Clutter sneaks up on all of us. If you’re like me, your piano studio likely started out (years ago) with a somewhat minimal, uncluttered feel.
But with each passing year, piano studios tend to collect more and more music and more and more teaching tools, and then suddenly, seemingly out of nowhere, clutter monsters have taken over.
The problem with clutter monsters is that they don’t actually appear out of nowhere; they’ve been there all along, slowly getting stronger. And while their slow takeover means teachers may not have noticed them, it is very possible that students have been distracted by the clutter monsters for some time.
In today’s post we’re going to tackle 5 common piano studio clutter monsters and calm your students with the help of Marie Kondo… the Netflix sensation who is “tidying the world by storm”.
Decluttering Your Piano Teaching Studio… With A Smile
If you haven’t heard of Marie Kondo, then it’s likely you haven’t been in a book store or on Netflix for awhile. Recently named one of the “100 most influential people” by Time magazine, she’s rocketed to fame with her unique take on blasting away clutter… in a peaceful, polite, zen-like way.
As the author of “The Life Changing Art of Tidying Up” and the star of the show “Tidying Up”, Marie Kondo is the creator of the KonMari approach to transforming your home or your space.
And while she has quickly become the topic of many memes on social media and her signature question, “Does it spark joy?” has become the punch line of many jokes, she’s popular for a reason… and that reason is because tidying up feels good! Marie’s right; it really can be life-changing.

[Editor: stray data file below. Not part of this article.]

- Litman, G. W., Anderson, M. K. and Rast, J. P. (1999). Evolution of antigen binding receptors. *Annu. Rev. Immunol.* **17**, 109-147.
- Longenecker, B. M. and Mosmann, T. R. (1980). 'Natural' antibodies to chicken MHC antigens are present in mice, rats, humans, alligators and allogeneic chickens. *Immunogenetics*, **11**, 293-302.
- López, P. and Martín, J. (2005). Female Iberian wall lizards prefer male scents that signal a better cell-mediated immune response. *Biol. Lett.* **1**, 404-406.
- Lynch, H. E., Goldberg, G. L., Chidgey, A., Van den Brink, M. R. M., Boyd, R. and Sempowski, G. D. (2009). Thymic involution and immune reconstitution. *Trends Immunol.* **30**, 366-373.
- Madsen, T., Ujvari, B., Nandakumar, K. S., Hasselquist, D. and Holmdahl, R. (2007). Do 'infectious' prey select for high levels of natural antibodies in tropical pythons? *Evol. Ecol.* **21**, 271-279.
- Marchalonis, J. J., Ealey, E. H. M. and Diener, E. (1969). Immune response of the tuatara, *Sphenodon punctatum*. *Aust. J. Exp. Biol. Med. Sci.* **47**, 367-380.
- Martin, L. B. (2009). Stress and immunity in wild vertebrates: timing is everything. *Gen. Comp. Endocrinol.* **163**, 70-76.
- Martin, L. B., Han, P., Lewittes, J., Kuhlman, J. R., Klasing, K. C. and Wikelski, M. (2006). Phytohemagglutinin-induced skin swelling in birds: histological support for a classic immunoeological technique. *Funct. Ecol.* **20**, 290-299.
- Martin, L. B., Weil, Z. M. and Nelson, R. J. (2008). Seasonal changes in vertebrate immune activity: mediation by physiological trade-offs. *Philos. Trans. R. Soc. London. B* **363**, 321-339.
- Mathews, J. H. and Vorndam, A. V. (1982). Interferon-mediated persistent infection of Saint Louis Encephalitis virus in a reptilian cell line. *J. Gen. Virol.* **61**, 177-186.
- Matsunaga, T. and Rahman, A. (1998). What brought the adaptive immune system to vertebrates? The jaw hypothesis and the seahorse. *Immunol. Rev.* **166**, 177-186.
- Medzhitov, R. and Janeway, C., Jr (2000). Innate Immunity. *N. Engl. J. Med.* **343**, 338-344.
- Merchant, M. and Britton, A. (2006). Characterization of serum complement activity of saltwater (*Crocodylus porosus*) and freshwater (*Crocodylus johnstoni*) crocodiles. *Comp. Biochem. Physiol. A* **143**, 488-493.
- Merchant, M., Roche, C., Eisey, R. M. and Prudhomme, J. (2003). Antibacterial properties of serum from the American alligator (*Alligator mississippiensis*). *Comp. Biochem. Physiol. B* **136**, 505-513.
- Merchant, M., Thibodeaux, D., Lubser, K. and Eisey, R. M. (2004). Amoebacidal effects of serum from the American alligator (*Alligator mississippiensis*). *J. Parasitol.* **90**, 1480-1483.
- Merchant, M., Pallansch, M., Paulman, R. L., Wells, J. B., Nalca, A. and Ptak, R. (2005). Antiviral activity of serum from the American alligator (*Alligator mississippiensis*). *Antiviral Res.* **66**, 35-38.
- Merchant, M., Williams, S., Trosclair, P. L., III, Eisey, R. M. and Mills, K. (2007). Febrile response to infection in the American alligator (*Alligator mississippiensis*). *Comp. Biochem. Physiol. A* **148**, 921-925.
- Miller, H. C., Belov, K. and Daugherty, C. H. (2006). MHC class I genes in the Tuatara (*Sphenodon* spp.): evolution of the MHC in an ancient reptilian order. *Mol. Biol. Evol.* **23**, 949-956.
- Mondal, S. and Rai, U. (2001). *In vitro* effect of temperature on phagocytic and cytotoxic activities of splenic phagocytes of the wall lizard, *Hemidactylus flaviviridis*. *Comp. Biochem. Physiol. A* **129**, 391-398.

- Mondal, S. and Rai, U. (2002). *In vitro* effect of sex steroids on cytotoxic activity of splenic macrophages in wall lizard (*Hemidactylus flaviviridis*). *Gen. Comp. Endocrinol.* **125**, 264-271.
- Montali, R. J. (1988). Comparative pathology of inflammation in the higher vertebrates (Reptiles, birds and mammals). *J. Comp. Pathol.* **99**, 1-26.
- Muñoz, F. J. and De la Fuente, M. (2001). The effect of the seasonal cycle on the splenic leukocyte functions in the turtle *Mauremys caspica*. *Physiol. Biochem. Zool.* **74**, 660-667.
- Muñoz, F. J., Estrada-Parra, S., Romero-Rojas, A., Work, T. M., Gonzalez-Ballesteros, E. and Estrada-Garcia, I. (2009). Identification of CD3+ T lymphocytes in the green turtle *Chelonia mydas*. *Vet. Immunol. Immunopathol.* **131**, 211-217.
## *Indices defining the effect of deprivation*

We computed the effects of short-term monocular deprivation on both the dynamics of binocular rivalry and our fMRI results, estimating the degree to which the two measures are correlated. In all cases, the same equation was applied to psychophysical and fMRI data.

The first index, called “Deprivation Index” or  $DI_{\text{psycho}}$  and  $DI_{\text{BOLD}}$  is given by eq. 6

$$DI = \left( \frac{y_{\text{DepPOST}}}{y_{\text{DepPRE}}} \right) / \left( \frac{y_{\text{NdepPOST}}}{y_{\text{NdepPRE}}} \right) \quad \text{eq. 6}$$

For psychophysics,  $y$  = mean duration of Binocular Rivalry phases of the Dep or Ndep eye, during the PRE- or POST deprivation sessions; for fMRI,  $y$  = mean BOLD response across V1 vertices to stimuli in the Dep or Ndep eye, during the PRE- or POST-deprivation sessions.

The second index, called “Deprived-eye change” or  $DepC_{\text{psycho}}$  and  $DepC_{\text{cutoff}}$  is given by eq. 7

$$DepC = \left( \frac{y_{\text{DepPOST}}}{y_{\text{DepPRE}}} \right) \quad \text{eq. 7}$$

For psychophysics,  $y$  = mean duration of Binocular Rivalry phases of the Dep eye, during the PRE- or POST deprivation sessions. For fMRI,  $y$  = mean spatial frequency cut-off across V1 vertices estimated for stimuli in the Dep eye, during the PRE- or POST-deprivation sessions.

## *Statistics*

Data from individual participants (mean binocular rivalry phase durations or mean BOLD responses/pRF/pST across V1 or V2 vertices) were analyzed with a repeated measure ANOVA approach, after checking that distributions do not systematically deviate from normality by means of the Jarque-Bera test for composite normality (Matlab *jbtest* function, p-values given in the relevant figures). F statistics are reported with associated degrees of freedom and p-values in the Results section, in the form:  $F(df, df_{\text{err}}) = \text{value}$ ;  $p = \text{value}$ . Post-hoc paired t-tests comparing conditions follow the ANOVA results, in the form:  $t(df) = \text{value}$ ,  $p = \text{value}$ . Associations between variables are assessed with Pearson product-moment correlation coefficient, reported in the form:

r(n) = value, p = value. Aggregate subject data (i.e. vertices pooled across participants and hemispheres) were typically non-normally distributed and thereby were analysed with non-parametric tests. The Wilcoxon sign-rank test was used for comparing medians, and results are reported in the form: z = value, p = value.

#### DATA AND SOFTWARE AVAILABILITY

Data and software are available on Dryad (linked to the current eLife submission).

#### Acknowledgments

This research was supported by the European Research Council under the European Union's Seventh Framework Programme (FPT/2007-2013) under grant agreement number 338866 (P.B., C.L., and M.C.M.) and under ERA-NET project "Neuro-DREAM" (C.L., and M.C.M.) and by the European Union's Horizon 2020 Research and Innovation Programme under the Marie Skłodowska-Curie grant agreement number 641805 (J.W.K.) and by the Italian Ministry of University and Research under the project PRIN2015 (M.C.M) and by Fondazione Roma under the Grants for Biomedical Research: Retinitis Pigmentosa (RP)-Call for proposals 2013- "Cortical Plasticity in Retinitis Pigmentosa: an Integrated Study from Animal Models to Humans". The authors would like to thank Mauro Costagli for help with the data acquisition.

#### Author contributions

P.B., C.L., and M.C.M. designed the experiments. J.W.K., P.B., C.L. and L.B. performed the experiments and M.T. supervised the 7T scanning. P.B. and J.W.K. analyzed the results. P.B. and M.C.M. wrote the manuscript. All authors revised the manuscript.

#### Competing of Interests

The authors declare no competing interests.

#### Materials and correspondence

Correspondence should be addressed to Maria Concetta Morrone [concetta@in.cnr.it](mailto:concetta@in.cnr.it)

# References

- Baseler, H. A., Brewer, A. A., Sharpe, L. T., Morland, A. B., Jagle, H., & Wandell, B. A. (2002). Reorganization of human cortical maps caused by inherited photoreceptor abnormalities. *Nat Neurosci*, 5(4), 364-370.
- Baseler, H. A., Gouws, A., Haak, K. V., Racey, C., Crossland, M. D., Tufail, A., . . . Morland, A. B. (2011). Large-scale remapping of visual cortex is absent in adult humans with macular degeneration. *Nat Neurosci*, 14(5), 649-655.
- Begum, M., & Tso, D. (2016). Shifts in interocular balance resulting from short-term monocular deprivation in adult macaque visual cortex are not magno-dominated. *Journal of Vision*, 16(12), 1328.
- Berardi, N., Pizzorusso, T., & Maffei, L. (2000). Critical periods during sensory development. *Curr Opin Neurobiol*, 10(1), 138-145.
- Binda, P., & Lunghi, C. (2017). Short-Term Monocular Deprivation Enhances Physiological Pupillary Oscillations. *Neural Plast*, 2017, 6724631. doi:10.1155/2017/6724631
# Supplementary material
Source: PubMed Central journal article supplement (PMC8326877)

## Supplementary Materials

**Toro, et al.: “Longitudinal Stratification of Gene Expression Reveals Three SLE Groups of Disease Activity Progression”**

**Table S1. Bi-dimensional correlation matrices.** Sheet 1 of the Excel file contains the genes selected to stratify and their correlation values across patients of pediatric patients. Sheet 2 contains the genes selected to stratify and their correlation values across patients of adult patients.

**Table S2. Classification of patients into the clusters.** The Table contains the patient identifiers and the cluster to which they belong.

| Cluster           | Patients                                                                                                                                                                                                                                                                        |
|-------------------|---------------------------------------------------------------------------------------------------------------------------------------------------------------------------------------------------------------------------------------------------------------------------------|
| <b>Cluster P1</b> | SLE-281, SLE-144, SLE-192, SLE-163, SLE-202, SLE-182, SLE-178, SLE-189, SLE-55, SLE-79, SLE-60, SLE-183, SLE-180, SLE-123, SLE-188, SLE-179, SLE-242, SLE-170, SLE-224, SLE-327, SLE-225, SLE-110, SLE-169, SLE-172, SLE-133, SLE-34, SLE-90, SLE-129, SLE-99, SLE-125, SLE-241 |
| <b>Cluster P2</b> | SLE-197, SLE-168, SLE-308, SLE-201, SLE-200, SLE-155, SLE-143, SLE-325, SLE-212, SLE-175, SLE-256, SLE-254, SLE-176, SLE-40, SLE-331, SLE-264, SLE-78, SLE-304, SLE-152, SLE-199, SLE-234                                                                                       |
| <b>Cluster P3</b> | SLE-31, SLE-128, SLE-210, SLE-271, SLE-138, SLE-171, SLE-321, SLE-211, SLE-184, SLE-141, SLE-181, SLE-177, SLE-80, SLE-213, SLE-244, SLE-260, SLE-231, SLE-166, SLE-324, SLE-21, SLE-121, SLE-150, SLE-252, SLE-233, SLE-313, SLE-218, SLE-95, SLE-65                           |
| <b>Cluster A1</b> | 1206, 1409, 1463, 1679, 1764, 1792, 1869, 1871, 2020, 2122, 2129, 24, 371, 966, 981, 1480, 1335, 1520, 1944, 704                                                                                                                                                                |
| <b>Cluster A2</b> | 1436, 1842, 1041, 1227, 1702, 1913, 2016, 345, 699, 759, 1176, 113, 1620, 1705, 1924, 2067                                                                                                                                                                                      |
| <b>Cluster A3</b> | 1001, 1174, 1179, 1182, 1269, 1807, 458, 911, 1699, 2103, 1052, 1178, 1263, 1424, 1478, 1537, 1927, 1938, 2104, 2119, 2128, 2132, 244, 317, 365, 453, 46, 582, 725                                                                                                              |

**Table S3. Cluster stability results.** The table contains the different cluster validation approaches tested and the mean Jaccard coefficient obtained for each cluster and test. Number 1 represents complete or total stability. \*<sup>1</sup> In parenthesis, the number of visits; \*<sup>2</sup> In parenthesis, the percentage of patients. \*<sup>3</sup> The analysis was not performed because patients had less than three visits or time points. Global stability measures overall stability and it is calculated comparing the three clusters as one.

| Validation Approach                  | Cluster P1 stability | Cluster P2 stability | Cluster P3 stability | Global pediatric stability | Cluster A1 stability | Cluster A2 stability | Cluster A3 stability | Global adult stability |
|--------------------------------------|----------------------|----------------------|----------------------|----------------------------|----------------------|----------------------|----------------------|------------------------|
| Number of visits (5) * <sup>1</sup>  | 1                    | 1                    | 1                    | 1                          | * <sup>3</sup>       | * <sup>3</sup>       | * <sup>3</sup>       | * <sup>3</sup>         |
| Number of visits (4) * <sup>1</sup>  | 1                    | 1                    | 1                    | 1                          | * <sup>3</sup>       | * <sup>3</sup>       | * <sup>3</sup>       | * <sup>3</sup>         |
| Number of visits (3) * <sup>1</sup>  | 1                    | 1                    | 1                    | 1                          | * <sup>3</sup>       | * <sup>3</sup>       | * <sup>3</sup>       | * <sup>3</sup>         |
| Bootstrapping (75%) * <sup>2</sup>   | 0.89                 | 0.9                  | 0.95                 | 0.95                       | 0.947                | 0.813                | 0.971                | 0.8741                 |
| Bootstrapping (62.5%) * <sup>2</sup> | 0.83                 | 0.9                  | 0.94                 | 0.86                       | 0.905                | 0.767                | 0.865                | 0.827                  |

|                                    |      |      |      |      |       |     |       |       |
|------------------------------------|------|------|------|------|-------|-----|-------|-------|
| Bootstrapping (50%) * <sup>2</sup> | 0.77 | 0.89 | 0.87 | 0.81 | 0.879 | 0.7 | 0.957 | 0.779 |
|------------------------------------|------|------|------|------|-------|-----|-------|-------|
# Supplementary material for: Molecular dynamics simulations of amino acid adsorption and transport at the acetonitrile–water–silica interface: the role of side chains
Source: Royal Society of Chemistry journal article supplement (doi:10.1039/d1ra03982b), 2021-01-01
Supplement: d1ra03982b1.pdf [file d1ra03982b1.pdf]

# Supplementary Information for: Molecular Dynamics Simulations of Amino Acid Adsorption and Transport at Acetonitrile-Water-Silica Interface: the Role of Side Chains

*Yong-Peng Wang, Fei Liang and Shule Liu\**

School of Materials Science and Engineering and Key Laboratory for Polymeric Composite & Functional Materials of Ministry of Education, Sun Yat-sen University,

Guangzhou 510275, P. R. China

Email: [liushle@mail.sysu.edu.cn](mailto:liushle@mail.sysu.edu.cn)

Now I’m no Marie Kondo… so I’m going to help you tackle the clutter monsters in your studio with a simpler approach to her tidying method (if you want to go whole-hog then check out her book). Set aside one day this weekend, follow the steps below and just start tidying.
Be like Marie – plaster on a smile, take a moment to thank your studio for all it brings to you, and then roll up your sleeves!
The Piano Teacher’s Guide To Discarding Items
Before anything can be tidied you have to go through a process of discarding items that are no longer wanted or needed. When Marie enters a home, the first thing she does is haul everything out of the closets, creating a huge pile of stuff. Next? She helps the homeowner decide what stays and what goes. How is this accomplished? By holding each item and asking, “Does this spark joy?” If the answer is yes, it stays. If the answer is no… it goes.
As items are discarded, Marie stresses the importance of thanking the item. This often elicits guffaws from many… but the idea of being truly mindful about what is kept and what is given away means that people are less likely to make knee-jerk, “I just have to keep this” reactions.